A Socially Distanced Ceremony: Virtual Execution of Estate Planning Documents

Remote witnessing and notarization is becoming increasingly more common for executing estate planning documents. To do this, a witness or notary can use two-way audio-video communication technology to witness or notarize an act instead of doing so in person. As of June 2020, at least 44 US states now allow remote witnessing and/or notarization in some form, be it permanently by statute or temporarily by governor’s order.

Just as execution requirements for wills, trusts, powers of attorney, and advance healthcare directives (or healthcare powers of attorney) vary widely between states, so do the requirements for remote execution of those documents during the COVID-19 pandemic. Many states allow for remote witnessing, while others have temporarily suspended witness requirements for all documents aside from wills. There are also certain states requiring notaries to be specially registered as an “online notary” or require specific software to be used to record the videoconference. Below are the estate planning document execution requirements in Illinois:

Illinois Governor J. B. Pritzker issued Executive Order 2020-14 on March 26, 2020. It was then amended and re-issued by Executive Order 2020-33 on April 30, 2020, and again re-issued by Executive Order 2020-39 on May 29, 2020. These orders allow for remote witnessing and notarization procedures.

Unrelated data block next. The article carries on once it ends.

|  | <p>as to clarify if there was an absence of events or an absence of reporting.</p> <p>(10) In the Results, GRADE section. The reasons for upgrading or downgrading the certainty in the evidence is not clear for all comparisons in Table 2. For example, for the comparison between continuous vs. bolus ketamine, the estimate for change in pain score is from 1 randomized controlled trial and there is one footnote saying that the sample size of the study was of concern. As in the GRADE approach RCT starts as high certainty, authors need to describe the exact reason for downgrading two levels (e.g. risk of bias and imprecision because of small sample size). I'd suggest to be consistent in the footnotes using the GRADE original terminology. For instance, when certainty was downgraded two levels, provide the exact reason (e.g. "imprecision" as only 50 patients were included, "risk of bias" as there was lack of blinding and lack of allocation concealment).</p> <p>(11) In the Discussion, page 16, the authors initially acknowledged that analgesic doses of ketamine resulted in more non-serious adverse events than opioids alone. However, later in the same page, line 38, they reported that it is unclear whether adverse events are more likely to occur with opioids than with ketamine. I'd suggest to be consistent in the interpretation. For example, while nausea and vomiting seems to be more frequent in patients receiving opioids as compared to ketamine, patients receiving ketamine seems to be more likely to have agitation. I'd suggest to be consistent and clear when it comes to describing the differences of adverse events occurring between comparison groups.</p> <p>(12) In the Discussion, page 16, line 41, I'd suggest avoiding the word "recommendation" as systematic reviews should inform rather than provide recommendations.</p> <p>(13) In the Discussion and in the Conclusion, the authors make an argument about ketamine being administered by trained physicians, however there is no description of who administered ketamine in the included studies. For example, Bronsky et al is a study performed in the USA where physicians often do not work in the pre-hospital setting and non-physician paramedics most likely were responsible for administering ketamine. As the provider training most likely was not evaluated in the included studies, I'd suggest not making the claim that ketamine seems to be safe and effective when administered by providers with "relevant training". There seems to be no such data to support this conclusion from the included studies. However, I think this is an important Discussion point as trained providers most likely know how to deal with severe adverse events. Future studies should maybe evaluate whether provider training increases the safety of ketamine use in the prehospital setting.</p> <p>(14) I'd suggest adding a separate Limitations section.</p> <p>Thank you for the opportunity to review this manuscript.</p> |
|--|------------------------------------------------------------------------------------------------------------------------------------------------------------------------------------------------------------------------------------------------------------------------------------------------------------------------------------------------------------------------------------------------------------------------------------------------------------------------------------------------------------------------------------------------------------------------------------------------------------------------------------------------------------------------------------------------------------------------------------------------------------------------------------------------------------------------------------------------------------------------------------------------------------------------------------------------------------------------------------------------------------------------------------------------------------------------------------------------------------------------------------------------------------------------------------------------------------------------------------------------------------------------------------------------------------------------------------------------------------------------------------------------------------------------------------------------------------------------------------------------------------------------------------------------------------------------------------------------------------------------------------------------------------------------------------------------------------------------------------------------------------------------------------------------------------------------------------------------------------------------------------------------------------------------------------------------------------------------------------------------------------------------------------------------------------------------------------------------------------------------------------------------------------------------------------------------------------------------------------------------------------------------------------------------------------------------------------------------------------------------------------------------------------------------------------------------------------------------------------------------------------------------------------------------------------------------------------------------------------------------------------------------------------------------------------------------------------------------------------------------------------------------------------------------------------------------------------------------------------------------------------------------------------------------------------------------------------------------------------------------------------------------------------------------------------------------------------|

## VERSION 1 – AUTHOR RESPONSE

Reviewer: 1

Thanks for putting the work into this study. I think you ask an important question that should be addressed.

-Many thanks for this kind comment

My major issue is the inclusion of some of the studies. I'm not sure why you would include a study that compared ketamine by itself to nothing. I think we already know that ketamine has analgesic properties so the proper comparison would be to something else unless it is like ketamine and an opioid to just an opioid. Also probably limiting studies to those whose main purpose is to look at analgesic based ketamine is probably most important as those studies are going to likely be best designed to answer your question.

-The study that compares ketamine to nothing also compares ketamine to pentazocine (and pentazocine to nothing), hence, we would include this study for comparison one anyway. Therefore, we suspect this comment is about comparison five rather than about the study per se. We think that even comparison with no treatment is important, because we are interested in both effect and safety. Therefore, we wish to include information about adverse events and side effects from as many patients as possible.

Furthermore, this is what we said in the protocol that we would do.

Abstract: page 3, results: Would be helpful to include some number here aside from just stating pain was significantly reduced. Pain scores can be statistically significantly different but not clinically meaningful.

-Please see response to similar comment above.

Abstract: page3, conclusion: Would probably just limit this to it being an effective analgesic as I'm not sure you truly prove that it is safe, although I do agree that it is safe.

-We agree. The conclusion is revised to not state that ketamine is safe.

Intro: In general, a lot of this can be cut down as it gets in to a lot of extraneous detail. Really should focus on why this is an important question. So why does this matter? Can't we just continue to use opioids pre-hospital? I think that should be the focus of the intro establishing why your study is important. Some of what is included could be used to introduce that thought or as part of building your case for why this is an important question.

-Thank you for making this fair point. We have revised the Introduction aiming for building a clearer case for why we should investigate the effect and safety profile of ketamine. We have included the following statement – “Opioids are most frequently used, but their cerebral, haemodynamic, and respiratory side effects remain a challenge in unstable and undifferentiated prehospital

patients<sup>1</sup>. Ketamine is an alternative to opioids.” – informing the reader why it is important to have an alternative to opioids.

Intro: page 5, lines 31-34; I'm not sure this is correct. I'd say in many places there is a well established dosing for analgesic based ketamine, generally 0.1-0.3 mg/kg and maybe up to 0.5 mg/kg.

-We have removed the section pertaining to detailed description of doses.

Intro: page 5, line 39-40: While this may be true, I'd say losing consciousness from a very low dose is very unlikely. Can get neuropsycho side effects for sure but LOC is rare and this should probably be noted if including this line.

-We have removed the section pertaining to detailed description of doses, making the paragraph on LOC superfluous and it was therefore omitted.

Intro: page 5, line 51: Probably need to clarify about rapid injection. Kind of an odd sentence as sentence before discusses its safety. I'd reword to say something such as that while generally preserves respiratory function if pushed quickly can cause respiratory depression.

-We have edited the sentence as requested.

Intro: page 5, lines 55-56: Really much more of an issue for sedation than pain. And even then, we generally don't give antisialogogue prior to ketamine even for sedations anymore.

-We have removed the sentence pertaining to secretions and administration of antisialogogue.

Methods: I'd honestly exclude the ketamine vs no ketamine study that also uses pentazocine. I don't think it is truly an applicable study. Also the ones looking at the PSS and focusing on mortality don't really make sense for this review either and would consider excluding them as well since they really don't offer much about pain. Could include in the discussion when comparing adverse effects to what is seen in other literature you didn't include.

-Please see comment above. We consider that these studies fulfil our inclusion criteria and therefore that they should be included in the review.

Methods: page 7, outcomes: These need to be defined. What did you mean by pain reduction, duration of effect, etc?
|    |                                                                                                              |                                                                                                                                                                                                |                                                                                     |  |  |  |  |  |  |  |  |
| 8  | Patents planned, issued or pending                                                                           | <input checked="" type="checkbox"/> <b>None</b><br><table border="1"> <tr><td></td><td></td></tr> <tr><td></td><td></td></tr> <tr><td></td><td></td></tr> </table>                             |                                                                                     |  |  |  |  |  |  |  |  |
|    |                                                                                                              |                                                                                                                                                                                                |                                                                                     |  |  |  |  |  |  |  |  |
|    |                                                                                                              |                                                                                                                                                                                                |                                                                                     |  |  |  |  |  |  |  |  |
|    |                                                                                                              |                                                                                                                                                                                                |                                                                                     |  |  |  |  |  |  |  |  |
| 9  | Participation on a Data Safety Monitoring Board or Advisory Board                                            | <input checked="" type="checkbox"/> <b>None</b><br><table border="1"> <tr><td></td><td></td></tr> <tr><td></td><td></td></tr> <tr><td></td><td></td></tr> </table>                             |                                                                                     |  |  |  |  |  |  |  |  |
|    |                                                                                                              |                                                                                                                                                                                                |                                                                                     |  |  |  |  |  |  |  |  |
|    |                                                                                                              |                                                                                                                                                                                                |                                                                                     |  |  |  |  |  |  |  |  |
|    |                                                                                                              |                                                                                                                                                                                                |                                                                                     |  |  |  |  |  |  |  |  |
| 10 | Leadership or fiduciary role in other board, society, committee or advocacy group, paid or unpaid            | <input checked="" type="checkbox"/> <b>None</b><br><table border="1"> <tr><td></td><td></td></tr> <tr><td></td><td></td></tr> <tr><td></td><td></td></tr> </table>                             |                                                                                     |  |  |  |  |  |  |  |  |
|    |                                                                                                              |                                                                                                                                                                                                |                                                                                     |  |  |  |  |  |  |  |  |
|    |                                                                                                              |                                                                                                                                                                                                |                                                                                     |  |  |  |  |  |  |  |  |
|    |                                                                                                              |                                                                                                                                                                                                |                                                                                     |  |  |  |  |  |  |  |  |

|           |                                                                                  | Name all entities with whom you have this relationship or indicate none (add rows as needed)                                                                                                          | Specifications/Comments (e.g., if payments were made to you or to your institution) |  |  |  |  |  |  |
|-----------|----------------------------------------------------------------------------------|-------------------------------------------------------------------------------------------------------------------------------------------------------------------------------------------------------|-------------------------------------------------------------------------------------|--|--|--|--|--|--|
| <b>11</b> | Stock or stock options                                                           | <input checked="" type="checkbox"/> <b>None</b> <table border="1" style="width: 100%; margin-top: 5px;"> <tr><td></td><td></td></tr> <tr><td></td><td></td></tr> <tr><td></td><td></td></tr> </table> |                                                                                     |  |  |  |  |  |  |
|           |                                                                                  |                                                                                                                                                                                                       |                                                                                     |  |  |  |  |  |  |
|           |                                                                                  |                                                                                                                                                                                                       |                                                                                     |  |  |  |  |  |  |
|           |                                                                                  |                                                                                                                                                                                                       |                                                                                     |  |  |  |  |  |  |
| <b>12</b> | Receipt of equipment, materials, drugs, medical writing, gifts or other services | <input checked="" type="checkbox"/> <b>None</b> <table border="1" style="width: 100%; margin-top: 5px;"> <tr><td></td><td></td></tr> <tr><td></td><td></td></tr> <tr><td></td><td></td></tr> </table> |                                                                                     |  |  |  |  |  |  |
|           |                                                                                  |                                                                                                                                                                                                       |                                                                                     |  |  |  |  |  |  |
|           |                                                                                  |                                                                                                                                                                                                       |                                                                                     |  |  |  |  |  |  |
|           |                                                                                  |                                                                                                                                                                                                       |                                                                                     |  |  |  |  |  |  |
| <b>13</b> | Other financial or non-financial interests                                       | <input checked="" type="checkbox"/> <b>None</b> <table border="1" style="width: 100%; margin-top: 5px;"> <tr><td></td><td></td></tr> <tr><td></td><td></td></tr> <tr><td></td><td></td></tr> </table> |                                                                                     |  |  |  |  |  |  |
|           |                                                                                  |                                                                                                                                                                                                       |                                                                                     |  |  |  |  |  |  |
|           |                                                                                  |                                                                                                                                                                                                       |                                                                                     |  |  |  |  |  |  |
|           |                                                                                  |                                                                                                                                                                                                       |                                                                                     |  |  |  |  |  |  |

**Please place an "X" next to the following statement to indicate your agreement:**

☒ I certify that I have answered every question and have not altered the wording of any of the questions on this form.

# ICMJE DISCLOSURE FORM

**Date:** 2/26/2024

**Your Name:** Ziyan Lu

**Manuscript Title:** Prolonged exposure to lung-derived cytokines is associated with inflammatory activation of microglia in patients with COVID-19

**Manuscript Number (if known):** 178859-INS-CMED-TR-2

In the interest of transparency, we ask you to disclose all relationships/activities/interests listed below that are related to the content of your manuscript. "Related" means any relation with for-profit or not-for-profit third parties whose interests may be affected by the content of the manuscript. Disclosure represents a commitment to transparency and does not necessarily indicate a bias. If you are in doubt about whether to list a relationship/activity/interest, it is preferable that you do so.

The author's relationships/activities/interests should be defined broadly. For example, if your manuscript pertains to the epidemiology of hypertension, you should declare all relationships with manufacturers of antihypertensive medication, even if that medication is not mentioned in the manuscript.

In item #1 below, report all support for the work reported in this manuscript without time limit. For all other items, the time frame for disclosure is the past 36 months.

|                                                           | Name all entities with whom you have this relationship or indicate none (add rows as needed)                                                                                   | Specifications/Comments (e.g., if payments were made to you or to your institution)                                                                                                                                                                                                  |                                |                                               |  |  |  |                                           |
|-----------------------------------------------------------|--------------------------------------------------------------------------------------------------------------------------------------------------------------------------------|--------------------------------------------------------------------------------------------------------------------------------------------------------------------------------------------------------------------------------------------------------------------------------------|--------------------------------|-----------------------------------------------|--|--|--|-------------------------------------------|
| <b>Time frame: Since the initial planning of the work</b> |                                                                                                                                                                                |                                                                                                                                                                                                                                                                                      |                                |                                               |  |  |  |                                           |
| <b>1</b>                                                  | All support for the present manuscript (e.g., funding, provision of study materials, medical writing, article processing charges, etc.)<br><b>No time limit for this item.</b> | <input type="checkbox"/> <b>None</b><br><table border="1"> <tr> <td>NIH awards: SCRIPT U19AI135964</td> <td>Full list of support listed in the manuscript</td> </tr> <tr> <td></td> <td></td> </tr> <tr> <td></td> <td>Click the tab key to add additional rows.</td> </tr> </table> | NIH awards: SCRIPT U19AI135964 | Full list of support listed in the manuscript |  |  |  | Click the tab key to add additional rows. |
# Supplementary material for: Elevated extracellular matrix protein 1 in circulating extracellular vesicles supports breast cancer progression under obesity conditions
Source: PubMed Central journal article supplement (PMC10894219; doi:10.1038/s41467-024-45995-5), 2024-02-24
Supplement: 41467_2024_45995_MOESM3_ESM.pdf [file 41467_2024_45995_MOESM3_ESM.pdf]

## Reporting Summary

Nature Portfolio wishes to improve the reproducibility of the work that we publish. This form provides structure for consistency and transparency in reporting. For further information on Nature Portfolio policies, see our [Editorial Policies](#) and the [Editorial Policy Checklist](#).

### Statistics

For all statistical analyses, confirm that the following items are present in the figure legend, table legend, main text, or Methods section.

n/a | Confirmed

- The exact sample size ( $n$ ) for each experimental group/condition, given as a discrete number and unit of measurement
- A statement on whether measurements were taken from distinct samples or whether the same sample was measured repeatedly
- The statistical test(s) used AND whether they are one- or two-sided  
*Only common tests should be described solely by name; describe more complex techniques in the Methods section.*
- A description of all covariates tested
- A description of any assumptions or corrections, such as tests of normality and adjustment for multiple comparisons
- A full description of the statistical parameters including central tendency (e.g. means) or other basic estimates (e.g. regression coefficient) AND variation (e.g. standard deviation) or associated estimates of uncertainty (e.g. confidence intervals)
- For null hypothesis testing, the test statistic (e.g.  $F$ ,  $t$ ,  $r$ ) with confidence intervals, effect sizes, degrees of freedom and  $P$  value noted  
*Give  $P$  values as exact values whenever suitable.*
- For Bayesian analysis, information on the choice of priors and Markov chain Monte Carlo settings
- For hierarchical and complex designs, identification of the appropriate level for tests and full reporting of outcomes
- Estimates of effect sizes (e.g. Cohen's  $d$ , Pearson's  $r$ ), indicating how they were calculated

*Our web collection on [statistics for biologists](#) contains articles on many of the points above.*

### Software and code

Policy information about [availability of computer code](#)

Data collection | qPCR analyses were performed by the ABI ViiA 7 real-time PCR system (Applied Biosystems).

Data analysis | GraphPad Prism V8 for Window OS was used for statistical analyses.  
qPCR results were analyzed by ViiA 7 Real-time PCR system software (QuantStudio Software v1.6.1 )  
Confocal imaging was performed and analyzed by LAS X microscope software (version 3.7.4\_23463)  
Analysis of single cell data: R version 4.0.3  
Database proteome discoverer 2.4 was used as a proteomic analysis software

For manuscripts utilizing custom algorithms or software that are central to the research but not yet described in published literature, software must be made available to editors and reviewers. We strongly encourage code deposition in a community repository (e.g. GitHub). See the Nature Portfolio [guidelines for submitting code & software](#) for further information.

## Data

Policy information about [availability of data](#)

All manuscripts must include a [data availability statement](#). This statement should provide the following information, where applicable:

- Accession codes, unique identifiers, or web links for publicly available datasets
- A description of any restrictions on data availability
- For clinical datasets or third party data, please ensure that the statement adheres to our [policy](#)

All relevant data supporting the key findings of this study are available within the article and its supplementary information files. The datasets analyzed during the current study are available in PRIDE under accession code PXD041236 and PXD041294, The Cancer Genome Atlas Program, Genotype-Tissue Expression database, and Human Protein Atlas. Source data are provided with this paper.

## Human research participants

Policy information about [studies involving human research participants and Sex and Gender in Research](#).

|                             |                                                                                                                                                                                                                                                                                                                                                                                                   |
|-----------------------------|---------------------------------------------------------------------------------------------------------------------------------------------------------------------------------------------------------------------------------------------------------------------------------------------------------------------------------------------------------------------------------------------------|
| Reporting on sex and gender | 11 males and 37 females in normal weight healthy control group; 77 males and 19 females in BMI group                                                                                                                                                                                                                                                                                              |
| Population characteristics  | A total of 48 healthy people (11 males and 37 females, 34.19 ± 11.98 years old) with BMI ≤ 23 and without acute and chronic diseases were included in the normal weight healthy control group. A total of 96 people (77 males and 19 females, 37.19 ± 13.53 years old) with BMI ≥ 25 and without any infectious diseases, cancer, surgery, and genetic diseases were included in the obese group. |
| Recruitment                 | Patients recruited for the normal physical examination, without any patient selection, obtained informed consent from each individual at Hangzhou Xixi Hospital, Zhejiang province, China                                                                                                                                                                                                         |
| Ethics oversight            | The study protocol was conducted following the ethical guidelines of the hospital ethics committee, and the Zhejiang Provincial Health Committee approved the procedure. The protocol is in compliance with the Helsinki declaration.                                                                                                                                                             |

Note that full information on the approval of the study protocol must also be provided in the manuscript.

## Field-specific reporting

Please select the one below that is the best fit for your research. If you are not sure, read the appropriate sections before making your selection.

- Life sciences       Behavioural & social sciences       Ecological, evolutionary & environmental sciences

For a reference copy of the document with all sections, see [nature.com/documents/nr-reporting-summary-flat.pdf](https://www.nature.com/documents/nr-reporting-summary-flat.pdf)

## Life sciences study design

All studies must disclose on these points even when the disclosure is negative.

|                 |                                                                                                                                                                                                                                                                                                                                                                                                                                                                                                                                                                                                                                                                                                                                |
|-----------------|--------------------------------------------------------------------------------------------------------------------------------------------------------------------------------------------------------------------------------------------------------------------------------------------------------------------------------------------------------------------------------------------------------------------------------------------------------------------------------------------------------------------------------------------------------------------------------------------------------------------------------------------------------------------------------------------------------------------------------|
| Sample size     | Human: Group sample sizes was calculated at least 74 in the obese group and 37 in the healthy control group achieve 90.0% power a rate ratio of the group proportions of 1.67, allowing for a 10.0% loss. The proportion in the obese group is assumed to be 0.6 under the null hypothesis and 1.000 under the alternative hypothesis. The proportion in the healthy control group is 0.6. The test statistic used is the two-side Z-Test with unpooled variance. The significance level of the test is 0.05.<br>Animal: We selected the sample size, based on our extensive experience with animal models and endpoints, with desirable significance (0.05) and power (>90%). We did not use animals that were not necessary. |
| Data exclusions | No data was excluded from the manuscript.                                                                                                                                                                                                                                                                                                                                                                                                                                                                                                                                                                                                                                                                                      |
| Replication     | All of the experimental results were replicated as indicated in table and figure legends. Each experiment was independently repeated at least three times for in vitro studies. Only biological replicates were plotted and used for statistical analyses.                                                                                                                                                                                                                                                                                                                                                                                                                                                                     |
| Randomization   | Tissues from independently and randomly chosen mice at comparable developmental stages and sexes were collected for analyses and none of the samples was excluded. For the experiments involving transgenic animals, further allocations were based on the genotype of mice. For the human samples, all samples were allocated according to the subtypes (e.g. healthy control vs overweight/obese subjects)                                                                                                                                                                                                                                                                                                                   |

On June 12, 2020, Governor Pritzker signed SB 2135 into law, providing statutory authorization for virtual executions. Under this law, the requirement that a person “appear before” an Illinois notary public under the Illinois Notary Act is satisfied if the notary public performs a remote notarization via two-way audio-video communication technology. The notary public must also be physically within the State of Illinois while performing the notarial act.

Any act of witnessing required by Illinois law may also be completed by two-way audio-video communication technology, following specific procedures.

Will: A will must be signed by the testator (or by someone in that individual’s presence and by their direction) in the presence of two credible witnesses, according to Illinois law, but a notary is not required.

Revocable Trust: A revocable trust does not need to be witnessed or notarized to be effective in the state of Illinois.

Healthcare Power of Attorney: In Illinois, a healthcare power of attorney must be signed before one witness who is subject to certain qualifications.

Property Power of Attorney: A property power of attorney is required by state law to be signed before at least one witness and acknowledged before a notary public (the witness is also subject to certain qualifications).

For assistance with preparing and executing your estate planning documents, contact us at Wilson and Wilson Estate Planning and Elder Law, LLC at 708 482 7090 for our main office in LaGrange, Illinois or at 847 656 8958 for our Northbrook, Illinois office.